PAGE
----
The Union Army data has significant economic information on the recruit and his household, including his wealth and income. Wealth and income information comes from the Military records and U.S. Federal Census. This includes the recruit's state of finances and property home ownership.
2. Variable Groups
Collection: Military, Pension, and Medical Records
Wealth and Income: Recruit's wealth and income information, Recruit's wealth and income source, Recruit's wealth information date, Recruit's wealth/income description, Recruit's wealth amount
State of Finances: Recruit's state of finances, Recruit's state of finances date
Collection: U.S. Federal Census
Wealth: Recruit's real estate owned, Recruit's personal property, Household member real estate owned, Household member personal property
Property Home Ownership: Recruit owns or rents home, Recruit owns property free or mortgage, Recruit owns farm or house, Household member owns or rents home, Household member owns property free or mortgage, Household member owns farm or house, Recruit or Household member has a radio set
3. Historical Background
3.1 Original Sources
There are two primary sources of economic data. The first is the Pension record. Recruit wealth and income and state of finances information can be found in widows' applications, affidavits and depositions. The second source is the U.S. Federal Census.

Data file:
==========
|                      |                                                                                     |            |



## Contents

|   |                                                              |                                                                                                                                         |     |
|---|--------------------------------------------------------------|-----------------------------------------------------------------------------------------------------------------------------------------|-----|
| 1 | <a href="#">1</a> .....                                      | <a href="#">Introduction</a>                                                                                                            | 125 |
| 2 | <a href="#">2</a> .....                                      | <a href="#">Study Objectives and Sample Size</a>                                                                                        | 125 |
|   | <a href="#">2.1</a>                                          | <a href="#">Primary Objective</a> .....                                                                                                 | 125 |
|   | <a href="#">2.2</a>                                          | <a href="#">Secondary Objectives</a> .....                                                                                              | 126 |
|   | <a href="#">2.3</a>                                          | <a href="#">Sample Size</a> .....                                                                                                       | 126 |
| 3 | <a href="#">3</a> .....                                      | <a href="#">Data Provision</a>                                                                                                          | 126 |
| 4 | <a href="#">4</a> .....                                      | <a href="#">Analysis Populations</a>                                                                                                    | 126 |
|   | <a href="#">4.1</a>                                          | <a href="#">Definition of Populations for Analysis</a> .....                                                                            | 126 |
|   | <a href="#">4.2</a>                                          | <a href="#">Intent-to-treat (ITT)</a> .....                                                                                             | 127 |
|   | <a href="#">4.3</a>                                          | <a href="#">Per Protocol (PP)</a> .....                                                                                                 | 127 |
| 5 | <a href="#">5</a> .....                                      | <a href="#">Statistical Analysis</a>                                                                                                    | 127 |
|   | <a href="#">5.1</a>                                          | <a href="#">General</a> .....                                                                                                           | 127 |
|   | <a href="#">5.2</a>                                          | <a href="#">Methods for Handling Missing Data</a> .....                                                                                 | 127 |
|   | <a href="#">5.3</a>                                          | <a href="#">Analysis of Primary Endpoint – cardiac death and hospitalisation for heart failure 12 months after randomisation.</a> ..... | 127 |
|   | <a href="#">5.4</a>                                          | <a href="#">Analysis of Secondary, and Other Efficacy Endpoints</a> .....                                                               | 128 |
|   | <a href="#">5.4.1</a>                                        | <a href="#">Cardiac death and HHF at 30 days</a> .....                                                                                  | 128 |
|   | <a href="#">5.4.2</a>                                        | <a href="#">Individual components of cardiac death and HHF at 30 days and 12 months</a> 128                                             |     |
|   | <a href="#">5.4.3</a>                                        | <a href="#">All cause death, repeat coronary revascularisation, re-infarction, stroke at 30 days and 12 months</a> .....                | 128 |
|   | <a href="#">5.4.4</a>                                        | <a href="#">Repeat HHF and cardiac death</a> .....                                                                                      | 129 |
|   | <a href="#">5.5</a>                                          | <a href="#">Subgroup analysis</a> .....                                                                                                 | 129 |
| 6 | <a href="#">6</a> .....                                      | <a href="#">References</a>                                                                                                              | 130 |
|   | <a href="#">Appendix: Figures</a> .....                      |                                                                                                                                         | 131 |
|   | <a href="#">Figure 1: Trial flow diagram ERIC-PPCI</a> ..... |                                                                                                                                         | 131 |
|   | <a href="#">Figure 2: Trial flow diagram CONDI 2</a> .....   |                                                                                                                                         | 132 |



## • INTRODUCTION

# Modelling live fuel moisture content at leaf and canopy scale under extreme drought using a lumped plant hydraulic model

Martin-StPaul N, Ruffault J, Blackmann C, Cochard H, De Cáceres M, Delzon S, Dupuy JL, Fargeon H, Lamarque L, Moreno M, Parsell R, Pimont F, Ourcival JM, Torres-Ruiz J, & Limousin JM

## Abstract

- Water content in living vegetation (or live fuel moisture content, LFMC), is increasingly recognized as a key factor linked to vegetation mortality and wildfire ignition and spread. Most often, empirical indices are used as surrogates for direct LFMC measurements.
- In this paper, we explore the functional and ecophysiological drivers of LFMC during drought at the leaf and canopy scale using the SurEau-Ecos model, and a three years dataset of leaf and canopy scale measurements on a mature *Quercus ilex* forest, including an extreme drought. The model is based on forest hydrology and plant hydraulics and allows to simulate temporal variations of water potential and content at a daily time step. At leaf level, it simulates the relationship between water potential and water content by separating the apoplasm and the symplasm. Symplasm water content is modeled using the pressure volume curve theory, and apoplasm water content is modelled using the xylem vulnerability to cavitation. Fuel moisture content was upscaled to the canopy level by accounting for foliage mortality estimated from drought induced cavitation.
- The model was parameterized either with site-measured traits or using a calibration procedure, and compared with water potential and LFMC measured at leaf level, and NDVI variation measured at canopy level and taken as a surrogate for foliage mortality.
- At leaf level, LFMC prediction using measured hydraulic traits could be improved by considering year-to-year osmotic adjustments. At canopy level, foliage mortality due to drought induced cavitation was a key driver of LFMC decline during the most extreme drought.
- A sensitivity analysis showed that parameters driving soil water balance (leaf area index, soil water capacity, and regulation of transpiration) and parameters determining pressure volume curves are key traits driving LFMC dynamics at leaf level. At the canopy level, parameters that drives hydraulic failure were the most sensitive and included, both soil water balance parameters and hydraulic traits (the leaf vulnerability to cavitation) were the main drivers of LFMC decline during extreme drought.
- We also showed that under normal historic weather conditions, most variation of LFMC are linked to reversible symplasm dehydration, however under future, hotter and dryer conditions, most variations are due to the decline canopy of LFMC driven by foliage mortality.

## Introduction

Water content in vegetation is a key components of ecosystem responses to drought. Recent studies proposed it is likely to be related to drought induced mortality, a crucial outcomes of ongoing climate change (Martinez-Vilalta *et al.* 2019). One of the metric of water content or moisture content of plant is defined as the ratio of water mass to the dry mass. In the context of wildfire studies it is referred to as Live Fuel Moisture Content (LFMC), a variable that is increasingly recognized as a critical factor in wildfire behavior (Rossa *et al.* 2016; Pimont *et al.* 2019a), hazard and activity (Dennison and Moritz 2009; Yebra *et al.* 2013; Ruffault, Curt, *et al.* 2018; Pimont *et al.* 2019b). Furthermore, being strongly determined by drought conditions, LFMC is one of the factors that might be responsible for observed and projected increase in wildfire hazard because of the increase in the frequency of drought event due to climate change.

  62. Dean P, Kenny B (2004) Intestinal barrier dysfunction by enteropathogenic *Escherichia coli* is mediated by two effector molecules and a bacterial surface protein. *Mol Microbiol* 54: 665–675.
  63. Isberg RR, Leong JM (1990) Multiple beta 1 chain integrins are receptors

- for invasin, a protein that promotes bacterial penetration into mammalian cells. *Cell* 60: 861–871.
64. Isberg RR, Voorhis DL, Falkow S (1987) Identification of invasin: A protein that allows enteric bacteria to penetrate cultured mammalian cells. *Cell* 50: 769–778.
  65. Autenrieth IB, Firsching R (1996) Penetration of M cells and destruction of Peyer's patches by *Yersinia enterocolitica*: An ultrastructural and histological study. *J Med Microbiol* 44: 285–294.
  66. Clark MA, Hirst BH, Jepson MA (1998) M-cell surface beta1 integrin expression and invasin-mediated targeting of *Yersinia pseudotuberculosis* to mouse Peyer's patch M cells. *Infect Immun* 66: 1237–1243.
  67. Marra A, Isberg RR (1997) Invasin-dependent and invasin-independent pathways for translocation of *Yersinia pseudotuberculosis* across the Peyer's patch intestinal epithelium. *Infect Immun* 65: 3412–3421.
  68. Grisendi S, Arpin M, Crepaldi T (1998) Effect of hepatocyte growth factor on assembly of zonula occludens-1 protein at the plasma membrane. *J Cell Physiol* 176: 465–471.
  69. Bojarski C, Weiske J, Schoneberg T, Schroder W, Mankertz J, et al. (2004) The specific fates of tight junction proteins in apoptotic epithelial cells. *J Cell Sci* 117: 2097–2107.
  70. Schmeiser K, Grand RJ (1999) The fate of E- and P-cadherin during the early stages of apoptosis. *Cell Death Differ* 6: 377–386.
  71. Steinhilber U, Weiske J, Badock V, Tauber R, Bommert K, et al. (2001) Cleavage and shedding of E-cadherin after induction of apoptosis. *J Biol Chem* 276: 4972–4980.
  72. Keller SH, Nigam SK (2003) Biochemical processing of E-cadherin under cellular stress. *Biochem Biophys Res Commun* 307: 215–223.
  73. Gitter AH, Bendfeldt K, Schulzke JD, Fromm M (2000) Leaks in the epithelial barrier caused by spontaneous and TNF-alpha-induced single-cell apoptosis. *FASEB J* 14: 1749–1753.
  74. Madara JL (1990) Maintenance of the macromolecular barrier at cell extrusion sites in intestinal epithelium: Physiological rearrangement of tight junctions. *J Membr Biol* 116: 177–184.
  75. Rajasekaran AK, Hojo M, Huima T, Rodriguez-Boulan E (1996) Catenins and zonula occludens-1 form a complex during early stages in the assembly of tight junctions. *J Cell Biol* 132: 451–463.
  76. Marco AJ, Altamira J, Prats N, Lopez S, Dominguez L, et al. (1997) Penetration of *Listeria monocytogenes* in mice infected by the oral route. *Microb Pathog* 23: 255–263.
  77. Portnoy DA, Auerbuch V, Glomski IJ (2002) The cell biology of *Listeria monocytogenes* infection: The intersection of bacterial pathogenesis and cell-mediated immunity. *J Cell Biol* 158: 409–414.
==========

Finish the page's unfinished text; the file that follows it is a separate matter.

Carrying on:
Information regarding the veteran's economic status is found in dependent pensions. For example, in order to receive a pension, a parent had to prove that her/his deceased son contributed to the support of the family in a substantial way. In such a situation, one might find an employer's affidavit testifying that the young man worked as a carpenter before enlisting and gave every nickel he earned to his mother for food. Also, to prove their economic dependency, parents might submit a letter or letters the veteran had sent home during the war which mentioned sending his army pay home for the family.
Civil War pensions were available for veterans with disabilities as well as for deceased veterans' widows, minor children, dependent major children, and parents. Under the Act of July 14, 1862, the first pension legislation specific to the Civil War, the veterans were eligible only for disabilities (wounds or chronic illnesses) received during wartime. The Act of June 27, 1890 changed that requirement and expanded eligibility to include disabilities not directly related to wartime experience. As a result, the number of men on the pension rolls swelled. Laws passed after 1907 changed the pension from disability-based to age-based.